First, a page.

Sarah Keith, who is working for social enterprise Startup Canada as part of a British Council exchange programme, looks at some of the common pitfalls.
The statistics around start-up failure are startling. It's been suggested that within the first 18 months, 80 per cent of new businesses fail.
Starting a social enterprise, like any other business, is by no means easy. Sure, you may generate a lot of good-will – social businesses aim to have a positive impact on society and the environment – but you still need to think like an entrepreneur. Here are five common mistakes you should avoid at the outset.
1. Going it alone
Entrepreneurship is about starting your own business by yourself, right? Wrong. To be successful you need to turn to advisers, mentors and other entrepreneurs for help. There are networks and communities out there, such as Startup Canada, The Indus Entrepreneurs and futurpreneur, who can give social entrepreneurs the expert advice they need. By networking with other entrepreneurs, you can tap into their knowledge and first-hand experience. They have been where you are now and will have made plenty of mistakes, so you don’t have to!
2. Not knowing your numbers
You have a fantastic idea, enthusiasm and perhaps even a business plan. However, if you don’t know your numbers you won't get anywhere. Not many social entrepreneurs go into business to manage finances, but this shouldn't mean they get neglected. In a survey of 500 small business owners, Intuit Quickbooks found that 39 per cent failed their financial literacy test. Without a solid grasp of your finances, your idea isn't going anywhere. Intuit QuickBooks offers help managing accounts and Startup Canada offers finance boot camps, so you can learn to manage your finances yourself.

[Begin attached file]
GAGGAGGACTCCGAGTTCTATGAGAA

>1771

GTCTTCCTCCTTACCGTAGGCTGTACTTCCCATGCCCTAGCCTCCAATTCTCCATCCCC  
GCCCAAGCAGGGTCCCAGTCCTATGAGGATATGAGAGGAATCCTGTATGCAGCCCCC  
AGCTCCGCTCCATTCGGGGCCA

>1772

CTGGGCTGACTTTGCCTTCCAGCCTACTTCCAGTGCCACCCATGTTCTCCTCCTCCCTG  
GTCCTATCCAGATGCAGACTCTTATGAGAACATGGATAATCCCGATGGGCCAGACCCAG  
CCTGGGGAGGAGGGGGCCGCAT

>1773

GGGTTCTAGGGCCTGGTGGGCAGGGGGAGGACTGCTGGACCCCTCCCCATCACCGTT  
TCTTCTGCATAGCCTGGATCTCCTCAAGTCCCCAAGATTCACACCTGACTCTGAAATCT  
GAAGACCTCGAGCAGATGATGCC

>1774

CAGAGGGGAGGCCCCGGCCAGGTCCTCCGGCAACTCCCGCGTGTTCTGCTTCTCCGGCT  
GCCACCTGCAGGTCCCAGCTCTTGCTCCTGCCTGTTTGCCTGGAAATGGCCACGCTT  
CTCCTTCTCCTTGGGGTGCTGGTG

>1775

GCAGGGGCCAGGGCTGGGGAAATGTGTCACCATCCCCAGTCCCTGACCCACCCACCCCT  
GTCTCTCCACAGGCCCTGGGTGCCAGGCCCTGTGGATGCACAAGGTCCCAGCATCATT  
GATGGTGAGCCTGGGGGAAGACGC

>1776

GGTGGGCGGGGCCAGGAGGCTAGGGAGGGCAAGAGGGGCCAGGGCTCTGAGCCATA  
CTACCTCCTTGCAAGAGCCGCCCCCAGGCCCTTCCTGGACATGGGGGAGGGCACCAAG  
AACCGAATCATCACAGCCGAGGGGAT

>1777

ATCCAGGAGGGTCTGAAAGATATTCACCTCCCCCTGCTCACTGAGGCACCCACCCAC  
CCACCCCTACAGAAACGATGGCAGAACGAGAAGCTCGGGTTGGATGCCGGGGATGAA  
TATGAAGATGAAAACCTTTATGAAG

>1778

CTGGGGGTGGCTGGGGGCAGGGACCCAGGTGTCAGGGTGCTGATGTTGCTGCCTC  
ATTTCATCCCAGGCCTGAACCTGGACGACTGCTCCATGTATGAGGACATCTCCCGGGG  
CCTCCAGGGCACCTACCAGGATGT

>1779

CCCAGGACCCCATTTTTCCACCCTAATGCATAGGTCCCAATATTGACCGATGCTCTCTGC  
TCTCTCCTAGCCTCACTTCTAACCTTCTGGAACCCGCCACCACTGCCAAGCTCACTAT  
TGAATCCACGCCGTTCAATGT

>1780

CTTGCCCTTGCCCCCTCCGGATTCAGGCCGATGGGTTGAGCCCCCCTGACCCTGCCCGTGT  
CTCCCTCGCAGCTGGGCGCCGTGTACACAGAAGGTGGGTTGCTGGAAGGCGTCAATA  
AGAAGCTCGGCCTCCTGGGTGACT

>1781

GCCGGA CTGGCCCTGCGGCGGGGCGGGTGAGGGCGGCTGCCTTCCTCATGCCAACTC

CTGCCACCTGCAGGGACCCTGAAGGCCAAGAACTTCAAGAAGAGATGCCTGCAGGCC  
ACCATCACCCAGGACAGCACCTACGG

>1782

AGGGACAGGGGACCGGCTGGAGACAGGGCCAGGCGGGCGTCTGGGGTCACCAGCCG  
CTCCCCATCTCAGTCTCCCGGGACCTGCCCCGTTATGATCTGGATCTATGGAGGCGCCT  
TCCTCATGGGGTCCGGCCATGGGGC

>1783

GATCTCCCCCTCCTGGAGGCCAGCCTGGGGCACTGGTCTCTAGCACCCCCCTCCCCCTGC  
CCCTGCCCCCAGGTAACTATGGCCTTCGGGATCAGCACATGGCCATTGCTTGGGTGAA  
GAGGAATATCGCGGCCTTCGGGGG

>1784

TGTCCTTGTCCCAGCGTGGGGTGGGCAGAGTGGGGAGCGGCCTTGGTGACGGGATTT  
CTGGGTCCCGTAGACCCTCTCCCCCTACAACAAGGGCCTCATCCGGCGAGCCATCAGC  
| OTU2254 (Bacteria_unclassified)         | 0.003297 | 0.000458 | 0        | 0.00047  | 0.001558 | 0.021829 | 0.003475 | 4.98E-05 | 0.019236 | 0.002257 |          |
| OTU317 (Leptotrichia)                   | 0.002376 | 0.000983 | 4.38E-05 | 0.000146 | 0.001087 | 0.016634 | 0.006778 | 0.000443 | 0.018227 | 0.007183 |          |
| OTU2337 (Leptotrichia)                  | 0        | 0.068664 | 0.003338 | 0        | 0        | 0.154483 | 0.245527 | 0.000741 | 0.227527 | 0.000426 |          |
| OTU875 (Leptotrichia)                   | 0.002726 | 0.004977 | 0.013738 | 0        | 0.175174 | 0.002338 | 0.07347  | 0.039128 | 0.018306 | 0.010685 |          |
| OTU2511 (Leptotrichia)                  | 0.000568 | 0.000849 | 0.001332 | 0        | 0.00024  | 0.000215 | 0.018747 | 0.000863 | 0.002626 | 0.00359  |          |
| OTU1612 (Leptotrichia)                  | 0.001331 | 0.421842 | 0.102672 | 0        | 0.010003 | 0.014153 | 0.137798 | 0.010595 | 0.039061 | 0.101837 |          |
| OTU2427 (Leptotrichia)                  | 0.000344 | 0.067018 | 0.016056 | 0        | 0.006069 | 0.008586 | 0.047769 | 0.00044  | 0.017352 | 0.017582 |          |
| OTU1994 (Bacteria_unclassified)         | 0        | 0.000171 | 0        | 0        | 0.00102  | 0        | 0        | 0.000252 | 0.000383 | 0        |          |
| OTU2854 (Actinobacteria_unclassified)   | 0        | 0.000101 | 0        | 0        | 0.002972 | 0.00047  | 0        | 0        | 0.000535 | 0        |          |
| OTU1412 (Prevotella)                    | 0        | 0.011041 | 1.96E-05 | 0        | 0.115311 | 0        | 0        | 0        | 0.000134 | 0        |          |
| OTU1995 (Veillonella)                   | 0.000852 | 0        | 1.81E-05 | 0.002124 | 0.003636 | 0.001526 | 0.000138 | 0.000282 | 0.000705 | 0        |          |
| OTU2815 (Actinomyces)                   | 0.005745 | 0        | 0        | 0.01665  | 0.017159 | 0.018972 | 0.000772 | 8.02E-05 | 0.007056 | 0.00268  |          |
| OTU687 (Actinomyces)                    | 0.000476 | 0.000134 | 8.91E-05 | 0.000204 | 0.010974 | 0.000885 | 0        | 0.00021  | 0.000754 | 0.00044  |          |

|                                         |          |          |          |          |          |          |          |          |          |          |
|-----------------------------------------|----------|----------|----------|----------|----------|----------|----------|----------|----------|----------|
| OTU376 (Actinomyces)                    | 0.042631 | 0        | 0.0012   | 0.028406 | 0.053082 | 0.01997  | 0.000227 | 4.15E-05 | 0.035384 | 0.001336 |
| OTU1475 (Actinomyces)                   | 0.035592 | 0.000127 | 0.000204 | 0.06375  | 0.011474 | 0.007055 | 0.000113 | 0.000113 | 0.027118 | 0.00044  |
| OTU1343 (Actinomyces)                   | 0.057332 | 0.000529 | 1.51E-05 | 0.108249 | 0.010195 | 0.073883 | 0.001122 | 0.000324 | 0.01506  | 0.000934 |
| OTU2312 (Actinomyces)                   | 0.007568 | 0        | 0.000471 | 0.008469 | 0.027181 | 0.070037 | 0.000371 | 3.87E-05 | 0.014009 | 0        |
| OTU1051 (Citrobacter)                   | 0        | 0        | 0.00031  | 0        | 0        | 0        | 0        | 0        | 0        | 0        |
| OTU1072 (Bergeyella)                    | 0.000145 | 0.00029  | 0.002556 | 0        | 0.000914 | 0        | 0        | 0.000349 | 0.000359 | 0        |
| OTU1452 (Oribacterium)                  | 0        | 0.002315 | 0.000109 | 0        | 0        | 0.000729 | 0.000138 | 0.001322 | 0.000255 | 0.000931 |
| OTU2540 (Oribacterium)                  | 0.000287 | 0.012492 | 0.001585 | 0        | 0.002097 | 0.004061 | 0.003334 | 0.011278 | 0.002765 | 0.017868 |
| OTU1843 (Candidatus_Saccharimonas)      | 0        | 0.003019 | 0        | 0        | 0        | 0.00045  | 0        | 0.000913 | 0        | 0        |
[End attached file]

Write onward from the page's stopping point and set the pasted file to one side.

3. Waiting too long to get onto the market
In the UK, it has been reported that 55 per cent of start-ups fail in the first five years [Editor's note, 25 November 2016: source no longer available]. This is a sobering statistic for any social entrepreneur. Of course, you want to make sure you do all you can to avoid being another statistic, but is it possible to do too much? Planning is essential, but there is such a thing as too much planning. Sometimes it’s important to just get your idea onto the market and see if it sticks. You don’t want to spend years developing an idea to find that the consumer just doesn't want it. Try building what's called a 'minimum viable product' (i.e., a basic version of your idea) and get the feedback from there. This will help you test an idea continuously as you develop it: